Refuge Alfred Wills is a mountain hut in the French Alps in Haute-Savoie.
The person the shelter was named after, Alfred Wills, was a British mountaineer. By profession a judge of the High Court of England and Wales, he was also a passionate climber. He tackled many Alpine glaciers, wrote several books about his exploits, and became the third president of the Alpine Club, serving from 1863 to 1865.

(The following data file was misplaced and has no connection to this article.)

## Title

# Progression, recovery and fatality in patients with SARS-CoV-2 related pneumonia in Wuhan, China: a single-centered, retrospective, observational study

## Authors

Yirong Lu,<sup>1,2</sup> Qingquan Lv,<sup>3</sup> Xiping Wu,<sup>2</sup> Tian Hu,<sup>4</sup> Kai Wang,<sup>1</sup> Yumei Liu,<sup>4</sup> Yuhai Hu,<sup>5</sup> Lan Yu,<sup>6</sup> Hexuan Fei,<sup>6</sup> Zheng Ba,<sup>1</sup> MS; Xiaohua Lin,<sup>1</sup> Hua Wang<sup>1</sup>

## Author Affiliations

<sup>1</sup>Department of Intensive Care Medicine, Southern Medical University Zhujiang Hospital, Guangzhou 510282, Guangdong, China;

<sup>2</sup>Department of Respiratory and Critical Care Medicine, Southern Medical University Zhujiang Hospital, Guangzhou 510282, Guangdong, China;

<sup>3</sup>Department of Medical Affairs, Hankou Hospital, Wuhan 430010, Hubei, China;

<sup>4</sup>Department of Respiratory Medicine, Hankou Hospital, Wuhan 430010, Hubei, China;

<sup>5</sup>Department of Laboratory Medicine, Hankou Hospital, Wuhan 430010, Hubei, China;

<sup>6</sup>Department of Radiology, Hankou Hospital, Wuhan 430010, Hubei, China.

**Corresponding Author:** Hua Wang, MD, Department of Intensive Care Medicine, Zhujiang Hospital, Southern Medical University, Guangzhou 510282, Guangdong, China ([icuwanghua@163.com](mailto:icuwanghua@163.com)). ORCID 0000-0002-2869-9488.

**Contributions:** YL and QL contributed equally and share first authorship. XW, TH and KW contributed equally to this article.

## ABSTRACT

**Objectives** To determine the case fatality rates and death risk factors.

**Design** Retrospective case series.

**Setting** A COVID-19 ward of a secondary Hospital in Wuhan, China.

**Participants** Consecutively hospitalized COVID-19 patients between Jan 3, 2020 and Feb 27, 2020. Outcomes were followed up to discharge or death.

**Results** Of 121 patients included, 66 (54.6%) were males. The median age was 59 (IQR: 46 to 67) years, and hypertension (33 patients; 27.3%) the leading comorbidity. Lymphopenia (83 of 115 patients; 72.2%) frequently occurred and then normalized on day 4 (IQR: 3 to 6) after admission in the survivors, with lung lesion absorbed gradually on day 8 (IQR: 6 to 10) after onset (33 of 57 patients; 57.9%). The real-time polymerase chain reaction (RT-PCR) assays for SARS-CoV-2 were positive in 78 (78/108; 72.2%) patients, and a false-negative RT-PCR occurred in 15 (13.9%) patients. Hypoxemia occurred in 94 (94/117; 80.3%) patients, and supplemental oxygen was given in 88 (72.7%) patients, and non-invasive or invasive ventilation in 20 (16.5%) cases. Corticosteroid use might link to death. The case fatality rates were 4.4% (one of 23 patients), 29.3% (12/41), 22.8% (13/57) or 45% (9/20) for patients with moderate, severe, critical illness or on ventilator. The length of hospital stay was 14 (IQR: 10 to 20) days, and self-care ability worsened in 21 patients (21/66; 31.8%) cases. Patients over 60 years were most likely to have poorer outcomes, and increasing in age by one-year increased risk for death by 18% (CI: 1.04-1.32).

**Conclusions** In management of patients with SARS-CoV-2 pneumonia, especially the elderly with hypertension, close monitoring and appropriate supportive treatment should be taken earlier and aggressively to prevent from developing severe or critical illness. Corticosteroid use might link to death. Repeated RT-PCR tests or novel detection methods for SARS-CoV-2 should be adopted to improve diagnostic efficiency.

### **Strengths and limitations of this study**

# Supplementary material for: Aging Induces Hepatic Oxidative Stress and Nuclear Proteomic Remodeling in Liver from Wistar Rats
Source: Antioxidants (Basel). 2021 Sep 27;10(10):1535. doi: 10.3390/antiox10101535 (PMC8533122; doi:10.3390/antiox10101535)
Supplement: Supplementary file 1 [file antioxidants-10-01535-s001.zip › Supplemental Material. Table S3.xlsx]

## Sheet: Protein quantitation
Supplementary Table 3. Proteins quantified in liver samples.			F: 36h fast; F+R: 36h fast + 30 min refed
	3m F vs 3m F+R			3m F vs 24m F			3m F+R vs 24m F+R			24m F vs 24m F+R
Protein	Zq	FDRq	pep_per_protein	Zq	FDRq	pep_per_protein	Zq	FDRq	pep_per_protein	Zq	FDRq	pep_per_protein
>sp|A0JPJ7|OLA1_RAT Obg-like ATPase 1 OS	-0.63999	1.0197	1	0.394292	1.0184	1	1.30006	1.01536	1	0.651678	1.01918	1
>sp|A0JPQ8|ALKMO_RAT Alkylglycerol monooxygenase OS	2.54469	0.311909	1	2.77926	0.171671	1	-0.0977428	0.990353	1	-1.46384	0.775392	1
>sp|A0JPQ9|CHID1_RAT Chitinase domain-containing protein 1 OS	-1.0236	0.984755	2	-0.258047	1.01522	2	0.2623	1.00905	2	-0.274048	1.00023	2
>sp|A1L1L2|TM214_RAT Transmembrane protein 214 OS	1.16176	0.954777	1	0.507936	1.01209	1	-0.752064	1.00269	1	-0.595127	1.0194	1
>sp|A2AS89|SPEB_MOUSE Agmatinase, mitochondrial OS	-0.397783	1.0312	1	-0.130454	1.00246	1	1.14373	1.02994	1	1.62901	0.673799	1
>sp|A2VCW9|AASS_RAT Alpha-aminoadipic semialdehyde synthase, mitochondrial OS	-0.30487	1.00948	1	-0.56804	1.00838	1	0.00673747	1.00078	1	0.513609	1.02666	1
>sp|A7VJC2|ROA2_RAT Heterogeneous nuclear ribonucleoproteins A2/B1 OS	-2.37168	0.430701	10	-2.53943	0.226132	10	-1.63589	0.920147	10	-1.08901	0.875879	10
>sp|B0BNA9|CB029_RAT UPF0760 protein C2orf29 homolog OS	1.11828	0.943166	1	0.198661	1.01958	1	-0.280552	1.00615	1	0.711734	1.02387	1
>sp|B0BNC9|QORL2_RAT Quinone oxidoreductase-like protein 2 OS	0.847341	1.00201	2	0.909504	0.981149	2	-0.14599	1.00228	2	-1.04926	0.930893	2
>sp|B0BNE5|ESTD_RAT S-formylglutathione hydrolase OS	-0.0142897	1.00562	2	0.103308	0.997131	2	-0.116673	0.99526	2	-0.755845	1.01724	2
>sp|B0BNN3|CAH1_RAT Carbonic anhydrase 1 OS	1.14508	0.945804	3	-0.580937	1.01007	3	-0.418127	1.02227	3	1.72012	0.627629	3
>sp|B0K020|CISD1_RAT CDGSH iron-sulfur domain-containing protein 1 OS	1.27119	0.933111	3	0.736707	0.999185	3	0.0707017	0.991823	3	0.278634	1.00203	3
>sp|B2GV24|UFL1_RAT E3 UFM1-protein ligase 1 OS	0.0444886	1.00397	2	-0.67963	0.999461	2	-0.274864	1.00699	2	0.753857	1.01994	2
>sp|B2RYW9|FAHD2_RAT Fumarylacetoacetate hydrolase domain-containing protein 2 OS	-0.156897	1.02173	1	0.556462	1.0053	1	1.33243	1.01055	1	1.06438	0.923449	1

Arriving at Sixt-Fer-à-Cheval in 1850, Wills fell in love with the area and wanted to build a chalet. In 1859 construction began of what he named "Eagle's Nest", what the inhabitants later called "the Castle". During World War II, when France was under Nazi occupation, it was uninhabited and looted. After the war, repair costs proved to be too high, so the family put it up for sale.